Gay Men Complacent When it Comes to HIV
Posted by pozlife on July 5, 2008
By Mark Umbach | Article Date: 7/02/2008 10:41 AM
Has the LGBT community become complacent when it comes to HIV/AIDS awareness and prevention? In recent years, an unnerving trend has shown its face in the gay community, and a new study from the Center for Disease Control is validating that claim. A study released last week has shown increases in new diagnoses of HIV in the category of “men who have sex with men,” or MSM.
In the five year span that was looked at (2001-2006), the highest number of new transmissions in the United States occurred in the MSM category. Also important to note is the fact that the category is called “men who have sex with men,” and not “gay men” or “bisexual men,” pointing to the fact that not all of these new infections were reported by men who identify as being either gay or bisexual.
In any case, perhaps an even more alarming figure is that the highest rate of the new transmissions occurred among men ages 12 to 24 years old! Additionally, the rate of new infections was even higher among racial minorities.
This is the time on GaySports.com where we pull out the soap box, get out our ladder and climb right back up on the top. How, as a society, can we allow this to be happening to our youth? And, even more importantly, what are the factors contributing to these increases?
As I was sitting down to write this article, I began to realize how, with other important victories being won by the gay community, the battle against HIV and AIDS has seemed to take a backseat.
California handed the community a huge victory in allowing marriage equality over the past few months, and that fight must go on. As most people are now aware, voters in CA will be casting a ballot in November as to whether or not the want to overturn the State Supreme Court’s ruling to allow for marriage equality.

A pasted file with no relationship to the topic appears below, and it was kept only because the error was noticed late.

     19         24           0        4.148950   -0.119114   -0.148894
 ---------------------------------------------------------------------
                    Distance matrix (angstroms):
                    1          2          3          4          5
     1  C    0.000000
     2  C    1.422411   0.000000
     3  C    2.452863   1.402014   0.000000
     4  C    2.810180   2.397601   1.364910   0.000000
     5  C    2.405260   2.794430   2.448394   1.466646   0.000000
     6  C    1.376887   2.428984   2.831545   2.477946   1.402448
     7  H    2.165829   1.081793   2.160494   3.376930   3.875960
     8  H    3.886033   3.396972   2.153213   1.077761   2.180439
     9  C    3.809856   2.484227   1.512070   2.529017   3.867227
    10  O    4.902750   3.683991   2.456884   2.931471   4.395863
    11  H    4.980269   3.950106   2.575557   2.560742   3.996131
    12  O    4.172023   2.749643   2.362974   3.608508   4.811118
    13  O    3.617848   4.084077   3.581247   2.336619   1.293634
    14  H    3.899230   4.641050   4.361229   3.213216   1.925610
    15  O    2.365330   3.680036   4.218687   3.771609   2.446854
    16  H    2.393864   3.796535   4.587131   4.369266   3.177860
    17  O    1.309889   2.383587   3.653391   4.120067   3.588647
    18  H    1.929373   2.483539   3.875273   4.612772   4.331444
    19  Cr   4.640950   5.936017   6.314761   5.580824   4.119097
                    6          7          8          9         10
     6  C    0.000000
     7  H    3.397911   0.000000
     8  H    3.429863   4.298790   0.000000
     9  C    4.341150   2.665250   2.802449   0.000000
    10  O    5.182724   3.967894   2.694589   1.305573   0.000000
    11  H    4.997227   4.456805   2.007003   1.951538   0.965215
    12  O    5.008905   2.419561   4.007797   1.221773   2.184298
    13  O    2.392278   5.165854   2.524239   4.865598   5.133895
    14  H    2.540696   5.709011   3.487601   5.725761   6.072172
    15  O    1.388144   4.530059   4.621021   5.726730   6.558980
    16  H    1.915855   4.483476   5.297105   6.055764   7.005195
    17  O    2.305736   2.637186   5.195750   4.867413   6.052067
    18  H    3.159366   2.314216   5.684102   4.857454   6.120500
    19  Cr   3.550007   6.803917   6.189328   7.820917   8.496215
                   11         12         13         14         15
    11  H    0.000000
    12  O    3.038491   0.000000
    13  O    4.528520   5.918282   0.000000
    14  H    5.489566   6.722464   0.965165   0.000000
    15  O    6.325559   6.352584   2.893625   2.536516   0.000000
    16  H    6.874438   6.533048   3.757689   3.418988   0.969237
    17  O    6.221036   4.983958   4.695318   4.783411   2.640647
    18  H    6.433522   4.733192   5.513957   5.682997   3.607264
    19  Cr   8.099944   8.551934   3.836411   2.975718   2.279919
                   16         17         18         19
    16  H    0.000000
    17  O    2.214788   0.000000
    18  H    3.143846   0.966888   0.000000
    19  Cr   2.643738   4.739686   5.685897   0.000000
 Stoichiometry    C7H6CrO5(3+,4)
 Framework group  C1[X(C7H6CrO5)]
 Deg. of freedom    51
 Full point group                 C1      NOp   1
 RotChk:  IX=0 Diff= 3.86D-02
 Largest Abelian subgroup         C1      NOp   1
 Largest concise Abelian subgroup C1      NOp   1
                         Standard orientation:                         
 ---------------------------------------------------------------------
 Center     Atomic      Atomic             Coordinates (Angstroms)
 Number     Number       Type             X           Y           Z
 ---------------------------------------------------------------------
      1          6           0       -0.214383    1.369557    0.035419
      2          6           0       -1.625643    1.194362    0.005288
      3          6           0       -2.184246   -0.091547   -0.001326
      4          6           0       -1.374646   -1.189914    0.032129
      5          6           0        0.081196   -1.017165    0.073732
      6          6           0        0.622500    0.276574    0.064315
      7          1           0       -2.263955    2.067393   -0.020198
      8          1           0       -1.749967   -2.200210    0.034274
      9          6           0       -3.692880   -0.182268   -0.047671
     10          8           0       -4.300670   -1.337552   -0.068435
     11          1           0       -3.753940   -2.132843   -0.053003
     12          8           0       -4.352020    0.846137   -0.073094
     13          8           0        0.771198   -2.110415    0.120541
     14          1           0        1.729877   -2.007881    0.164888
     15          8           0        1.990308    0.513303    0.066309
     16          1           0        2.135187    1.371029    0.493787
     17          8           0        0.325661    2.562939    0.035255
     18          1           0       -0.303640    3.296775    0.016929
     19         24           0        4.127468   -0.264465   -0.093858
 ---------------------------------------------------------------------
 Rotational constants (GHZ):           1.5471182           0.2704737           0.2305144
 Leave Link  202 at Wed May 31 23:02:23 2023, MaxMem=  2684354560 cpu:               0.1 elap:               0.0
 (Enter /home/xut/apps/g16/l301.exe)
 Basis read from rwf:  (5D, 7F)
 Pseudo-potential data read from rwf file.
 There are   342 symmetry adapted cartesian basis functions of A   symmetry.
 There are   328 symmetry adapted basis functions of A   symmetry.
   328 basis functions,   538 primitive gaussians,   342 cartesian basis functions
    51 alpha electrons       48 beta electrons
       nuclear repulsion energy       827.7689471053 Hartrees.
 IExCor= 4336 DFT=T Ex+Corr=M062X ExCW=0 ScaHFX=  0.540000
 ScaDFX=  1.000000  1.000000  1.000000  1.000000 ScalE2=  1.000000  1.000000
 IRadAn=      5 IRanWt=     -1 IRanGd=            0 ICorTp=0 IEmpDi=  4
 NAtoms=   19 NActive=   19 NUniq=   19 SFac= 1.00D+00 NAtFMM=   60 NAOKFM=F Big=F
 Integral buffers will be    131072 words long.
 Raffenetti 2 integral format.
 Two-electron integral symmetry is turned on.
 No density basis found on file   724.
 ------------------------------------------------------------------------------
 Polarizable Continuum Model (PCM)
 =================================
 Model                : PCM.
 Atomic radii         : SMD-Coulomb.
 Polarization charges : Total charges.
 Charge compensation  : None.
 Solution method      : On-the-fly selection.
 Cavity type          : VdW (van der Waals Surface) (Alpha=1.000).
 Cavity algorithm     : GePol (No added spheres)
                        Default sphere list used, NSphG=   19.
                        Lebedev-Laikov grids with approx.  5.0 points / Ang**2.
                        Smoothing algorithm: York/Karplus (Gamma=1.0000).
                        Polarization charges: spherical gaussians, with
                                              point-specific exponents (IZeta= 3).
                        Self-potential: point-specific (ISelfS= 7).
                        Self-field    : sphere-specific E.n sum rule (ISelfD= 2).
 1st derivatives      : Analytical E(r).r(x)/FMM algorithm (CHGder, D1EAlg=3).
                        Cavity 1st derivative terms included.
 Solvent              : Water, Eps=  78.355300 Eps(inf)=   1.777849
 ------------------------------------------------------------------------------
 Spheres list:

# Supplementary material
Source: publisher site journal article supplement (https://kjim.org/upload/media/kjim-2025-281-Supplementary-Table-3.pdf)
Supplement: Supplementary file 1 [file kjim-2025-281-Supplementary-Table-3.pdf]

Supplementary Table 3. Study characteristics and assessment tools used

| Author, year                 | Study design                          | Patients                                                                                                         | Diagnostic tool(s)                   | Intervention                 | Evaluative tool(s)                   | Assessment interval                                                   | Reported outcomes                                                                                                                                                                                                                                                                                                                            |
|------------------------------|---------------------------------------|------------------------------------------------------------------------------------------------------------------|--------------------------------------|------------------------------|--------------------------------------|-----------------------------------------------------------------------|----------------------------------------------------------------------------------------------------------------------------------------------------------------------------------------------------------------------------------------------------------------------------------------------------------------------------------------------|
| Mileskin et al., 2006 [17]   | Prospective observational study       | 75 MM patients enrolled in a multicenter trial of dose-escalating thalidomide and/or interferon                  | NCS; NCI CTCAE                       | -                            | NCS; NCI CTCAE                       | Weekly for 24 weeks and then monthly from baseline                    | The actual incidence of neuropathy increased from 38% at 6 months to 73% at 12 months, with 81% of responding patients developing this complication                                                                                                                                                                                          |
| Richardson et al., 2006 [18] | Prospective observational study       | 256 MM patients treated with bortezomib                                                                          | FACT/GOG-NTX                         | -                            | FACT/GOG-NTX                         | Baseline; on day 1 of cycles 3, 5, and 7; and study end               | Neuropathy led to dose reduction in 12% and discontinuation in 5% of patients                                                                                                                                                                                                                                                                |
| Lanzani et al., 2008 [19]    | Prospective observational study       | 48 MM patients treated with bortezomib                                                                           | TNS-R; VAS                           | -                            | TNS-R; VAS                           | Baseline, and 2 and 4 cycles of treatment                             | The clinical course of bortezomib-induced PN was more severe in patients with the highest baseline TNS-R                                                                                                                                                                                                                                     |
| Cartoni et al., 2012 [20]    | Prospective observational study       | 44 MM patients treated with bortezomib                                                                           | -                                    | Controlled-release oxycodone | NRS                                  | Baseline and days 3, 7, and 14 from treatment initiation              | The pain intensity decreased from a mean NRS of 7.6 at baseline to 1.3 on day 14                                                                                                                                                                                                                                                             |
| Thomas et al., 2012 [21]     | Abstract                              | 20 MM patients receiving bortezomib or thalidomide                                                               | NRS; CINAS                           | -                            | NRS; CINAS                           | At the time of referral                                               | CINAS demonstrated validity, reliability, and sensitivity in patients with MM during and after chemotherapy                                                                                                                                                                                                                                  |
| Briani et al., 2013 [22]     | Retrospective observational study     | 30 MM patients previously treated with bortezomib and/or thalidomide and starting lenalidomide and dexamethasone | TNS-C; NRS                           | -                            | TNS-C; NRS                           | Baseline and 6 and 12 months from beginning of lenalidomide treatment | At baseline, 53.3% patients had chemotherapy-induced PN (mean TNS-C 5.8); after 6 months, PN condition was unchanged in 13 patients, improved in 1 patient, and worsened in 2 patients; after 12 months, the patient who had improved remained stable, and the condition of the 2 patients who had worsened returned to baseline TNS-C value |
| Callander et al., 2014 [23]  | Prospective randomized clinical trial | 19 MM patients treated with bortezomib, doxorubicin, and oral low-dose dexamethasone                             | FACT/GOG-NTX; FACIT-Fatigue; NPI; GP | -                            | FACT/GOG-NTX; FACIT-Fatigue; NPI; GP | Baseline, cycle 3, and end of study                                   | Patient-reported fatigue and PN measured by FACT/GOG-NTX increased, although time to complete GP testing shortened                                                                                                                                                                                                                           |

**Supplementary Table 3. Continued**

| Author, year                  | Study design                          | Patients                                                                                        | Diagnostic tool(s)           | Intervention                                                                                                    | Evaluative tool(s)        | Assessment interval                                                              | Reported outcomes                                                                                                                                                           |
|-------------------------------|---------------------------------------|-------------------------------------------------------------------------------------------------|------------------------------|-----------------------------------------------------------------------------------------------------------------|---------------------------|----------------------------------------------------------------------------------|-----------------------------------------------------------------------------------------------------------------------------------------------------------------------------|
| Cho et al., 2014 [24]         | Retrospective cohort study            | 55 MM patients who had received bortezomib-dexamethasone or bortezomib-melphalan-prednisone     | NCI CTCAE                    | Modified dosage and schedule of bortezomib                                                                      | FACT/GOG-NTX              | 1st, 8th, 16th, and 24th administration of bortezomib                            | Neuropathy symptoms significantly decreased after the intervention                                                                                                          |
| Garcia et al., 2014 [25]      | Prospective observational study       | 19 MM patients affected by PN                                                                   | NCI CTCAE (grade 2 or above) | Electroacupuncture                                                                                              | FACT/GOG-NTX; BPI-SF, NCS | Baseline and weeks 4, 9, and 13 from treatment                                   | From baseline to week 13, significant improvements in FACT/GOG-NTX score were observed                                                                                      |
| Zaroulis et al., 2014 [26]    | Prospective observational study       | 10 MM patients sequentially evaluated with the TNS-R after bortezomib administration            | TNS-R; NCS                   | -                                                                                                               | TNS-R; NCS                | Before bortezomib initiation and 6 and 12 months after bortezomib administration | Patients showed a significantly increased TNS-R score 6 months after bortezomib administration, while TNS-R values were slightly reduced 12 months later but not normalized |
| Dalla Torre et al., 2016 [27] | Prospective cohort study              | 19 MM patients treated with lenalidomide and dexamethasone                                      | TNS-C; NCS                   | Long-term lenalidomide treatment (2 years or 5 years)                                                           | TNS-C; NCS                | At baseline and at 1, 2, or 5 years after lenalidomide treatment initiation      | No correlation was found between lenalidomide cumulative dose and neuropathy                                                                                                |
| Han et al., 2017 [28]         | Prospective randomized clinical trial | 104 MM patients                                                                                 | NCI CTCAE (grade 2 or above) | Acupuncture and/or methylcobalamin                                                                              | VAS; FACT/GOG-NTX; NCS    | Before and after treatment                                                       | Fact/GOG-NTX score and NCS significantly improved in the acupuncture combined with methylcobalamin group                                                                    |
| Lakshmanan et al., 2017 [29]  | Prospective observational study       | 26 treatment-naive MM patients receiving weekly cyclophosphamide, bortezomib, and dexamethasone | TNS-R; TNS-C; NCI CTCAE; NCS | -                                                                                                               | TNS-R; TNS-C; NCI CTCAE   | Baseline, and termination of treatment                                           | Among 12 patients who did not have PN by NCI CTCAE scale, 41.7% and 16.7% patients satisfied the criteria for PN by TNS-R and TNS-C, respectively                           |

While that fight continues, we must dust off the spotlight and focus on our youth. Children need to know the risks involved with unsafe sexual practices. Going in armed with the facts allows for proper and responsible decision making. If no one informs this younger generation, they will not be prepared.
We are well aware some folks may not make the best decisions no matter how much they know, but we at least need to provide the proper tools and knowledge of risk factors.
The rate of new infections among ethnic minorities may be attributed to socio-economic factors as well. Often, testing and treatment facilities are not as readily available in poorer urban areas. Not being tested lends itself to the invincible feeling many people have. “I don’t need to get tested. This could never happen to me.”
According to the CDC report, upon learning one’s status “most reduce their high-risk sexual behavior.” In an effort to promote sexual health, the CDC opened a number of new testing sites in 23 different areas with the highest rate of HIV cases.
Point being, the time has come for HIV/AIDS education to make a resurgence. Protecting and arming our younger generations, as well as all generations, needs to be a top priority.
These new statistics serve as a wake up call.